Tuesday, March 4, 2008

Picking a Life 1

The Lone Coyote recently focused a couple posts on the thought process she underwent towards deciding on a residency. The interesting aspect of the entire post, beyond the rather frightening nature of entering 4th year unsure of where you want to go, dwells around the central, if not clandestine, topic of exposure.

Stated simply, there is just not enough exposure to the many different fields of medicine in the 3rd year of medical school for students to be able to make clear and complete decisions regarding a job. As it is currently, most schools require students to rotate through some form of Peds, OB/GYN, Gen Surg, Family and/or Internal Medicine, and Psych/ Neuro. You may get exposed to a few “subspecialties” – like a Peds ER or anesthesia during surgery in order to increase your experience, but these are often quite limited. The fallacious idea that I've picked up on is that the students get enough exposure to be able to come to a well determined and thoroughly researched conclusion regarding residency choices.

Absolutely incorrect. These "electives" are often only a week to two at a time, frequently limited by the number of students, clerkship schedules, and regularly are not great experiences.

As an example, during Gen Surg I wanted to take the 2 week anesthesia elective offered. Other students wanted to as well - because they thought it was a cake walk and they'd get to slack for a couple weeks. Because their schedules were more accomodating than mine I received one week. One lousy week with a new batch of SRNAs who wouldn't let you do much because they needed all the exposure and I often sat watching them do everything, confused as hell (we don't have a residency which might have made it better). I could have easily walked away with a bad taste and went straight into surgery.

With similar experiences a number of students will make up their minds during or late in the 3rd year. It's an extraordinarily bad idea, but is often a go-to for many as a means of determining where they fit. Of course, it's not hard to understand that a rotation and the joy received vary greatly based on location, personnel, and other factors that the student may not recognize at the time. However the student applies, schedules rotations in this area, and may feel trapped when they realize that it wasn't quite what they wanted and undergo matching anyway.

I will discuss this more in the next post, but I feel this is a topic that's not addressed nearly enough. There are many stories of people changing fields many times, reentering residency after a few years, or forgoing entering the match because they haven't found "the one". It is, I feel, another way that medical education fails those it's meant to help, to educate.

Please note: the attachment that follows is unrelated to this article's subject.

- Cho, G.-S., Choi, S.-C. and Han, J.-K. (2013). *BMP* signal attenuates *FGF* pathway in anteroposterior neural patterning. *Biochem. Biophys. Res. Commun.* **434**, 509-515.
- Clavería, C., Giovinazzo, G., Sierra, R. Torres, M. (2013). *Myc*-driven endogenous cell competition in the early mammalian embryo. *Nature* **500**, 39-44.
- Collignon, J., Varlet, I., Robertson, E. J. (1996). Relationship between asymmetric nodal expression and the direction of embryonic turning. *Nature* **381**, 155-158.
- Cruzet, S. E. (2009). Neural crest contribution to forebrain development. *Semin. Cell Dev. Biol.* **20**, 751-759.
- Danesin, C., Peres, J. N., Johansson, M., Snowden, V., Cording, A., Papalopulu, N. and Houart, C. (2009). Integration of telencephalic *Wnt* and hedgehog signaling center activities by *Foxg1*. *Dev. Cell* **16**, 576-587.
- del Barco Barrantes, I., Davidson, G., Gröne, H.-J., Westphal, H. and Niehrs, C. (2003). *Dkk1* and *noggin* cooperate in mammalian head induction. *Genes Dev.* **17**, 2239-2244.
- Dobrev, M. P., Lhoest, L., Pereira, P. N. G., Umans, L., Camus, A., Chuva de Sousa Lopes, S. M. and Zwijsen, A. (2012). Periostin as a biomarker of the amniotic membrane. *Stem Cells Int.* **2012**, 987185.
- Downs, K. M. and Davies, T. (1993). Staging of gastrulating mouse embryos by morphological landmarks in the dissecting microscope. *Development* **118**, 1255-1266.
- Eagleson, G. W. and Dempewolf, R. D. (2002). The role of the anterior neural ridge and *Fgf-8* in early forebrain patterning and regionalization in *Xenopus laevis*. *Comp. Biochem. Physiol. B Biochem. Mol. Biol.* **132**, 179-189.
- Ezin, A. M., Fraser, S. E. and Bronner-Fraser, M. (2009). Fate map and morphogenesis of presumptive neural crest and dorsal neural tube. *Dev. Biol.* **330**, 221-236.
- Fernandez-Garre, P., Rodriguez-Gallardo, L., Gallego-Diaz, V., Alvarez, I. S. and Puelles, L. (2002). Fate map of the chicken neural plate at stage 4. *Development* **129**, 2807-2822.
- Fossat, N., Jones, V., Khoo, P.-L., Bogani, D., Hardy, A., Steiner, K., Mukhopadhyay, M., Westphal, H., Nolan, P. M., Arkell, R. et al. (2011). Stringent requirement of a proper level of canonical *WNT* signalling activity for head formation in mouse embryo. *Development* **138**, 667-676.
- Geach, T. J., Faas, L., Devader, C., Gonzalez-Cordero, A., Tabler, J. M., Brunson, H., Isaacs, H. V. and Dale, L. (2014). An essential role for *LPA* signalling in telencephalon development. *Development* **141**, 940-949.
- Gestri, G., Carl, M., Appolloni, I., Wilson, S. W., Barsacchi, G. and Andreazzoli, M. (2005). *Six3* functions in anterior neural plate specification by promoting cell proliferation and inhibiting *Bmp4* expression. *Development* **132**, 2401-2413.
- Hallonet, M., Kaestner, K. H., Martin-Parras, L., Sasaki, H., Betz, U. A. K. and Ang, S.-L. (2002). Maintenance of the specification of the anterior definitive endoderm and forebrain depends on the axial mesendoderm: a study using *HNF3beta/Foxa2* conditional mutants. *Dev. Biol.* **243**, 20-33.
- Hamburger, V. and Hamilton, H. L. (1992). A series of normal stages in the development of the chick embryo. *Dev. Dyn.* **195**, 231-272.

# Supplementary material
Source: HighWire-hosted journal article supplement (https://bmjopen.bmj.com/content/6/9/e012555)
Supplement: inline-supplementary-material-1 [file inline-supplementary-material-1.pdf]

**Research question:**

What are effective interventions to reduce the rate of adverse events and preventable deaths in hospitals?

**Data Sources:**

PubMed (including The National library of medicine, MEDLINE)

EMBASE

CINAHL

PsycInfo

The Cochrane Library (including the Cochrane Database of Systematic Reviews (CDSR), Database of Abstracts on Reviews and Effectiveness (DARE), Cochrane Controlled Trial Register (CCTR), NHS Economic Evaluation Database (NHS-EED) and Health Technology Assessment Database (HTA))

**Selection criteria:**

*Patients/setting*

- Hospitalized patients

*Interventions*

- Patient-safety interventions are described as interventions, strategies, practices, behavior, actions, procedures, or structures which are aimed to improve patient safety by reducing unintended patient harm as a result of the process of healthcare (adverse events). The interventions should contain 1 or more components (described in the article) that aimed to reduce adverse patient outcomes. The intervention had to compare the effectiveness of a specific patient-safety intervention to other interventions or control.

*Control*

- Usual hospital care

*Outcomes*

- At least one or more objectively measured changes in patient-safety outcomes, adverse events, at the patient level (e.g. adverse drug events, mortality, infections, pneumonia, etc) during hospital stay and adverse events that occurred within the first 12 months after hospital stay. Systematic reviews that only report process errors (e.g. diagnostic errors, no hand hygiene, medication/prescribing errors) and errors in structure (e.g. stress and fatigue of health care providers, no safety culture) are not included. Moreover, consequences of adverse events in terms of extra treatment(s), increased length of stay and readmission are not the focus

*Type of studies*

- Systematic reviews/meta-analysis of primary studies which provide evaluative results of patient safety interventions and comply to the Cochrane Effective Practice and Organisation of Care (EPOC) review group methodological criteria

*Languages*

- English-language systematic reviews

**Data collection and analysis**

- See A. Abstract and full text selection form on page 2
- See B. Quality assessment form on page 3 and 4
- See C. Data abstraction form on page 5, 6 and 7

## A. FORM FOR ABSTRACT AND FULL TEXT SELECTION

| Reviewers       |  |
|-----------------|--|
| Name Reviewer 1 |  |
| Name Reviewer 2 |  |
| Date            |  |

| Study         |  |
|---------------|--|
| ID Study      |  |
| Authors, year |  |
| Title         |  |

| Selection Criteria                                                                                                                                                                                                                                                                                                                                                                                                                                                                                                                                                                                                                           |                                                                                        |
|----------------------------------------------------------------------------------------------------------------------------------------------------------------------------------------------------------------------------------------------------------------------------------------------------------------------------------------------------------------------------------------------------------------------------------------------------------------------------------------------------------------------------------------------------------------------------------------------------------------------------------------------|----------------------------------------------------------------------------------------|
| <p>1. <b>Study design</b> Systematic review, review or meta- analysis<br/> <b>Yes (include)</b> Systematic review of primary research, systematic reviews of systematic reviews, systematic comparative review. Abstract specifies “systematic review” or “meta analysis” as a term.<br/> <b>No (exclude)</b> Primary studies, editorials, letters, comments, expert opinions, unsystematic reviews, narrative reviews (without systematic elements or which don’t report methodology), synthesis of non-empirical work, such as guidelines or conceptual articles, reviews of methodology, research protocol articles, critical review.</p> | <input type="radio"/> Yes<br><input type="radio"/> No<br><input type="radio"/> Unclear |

7 comments:

Bostonian in NY said...

"It is, I feel, another way that medical education fails those it's meant to help, to educate."

Dead on. We waste hundreds of thousands of dollars to sit around and watch, to stoke some egos, to read books in our free time to make sure that we kind of know what's going on before we are made examples of in front of our team, to perform superfluous tasks at God-awful hours of the morning, and ultimately to figure out everything on our own anyway.

I'm looking into EM and my venerable institution of learning doesn't even have a useful EM adviser in our entire 6+ hospital education system. Fortunately, I found this out early on enough in the game so as not to be trapped as a fourth year searching for LOR's in EM and unable to find any.

M said...

I recently attended a lecture regarding this very same topic. Lack of exposure, leading to poorly informed decisions, culminating in a lot of "wasted time" and expletives on the student's part.

Funnily enough, the advice was rather mundane. "Do your own research," and "Read these books when the time is right," was the take home topic Statistics were something at the 20% mark for residents switching specialities and 16% for practicing physicians.

Limited exposure underpins the entire problem but in many aspects, it's unavoidable. Time is always the enemy.

Old MD Girl said...

And to think my PhD program expects me to decide my field as well as a research topic by the end of my rotations. Silly silly!

Liz said...

Hey msg... i have an unrelated question for you. I will email you. Thanks for the great posts lately!

The Lone Coyote said...

Thanks for the links. I agree completely. So much of what we go through is more of a hazing ritual than meaningful learning about what a given specialty is really like. If your school does not have good mentors, or you do not know how to seek them out, you can miss out on a great specialty completely.

I know my school has been working to improve this and I hope they do. There will never be enough time to fully explore everything, but even having access to shadowing in specialties that are not part of the core 3rd year could help. The people who I saw struggle the most with the decision, myself included, were those who did not fall in love with one of the 3rd year core rotations.

T. said...

Anesthesia was my LAST required rotation in med school. The LAST one. I was in my fourth year ranking peds programs. When I went to my dean and said I had fallen in love with a specialty I previously knew nothing about, she wanted to pull some hair out - mine, hers, both probably.

I guess the cheerful piece of unsolicited advice I have to offer is, hokey as this sounds, if you get a strong gut feeling you belong somewhere, listen to it and don't let little details like a huge life-upheaval or a tough residency stand in your way! :)

MSG said...

T,

Wow! I've heard of people who took a rotation after already interviewed and ranked programs and I've always been in awe of the commitment involved to go through that process.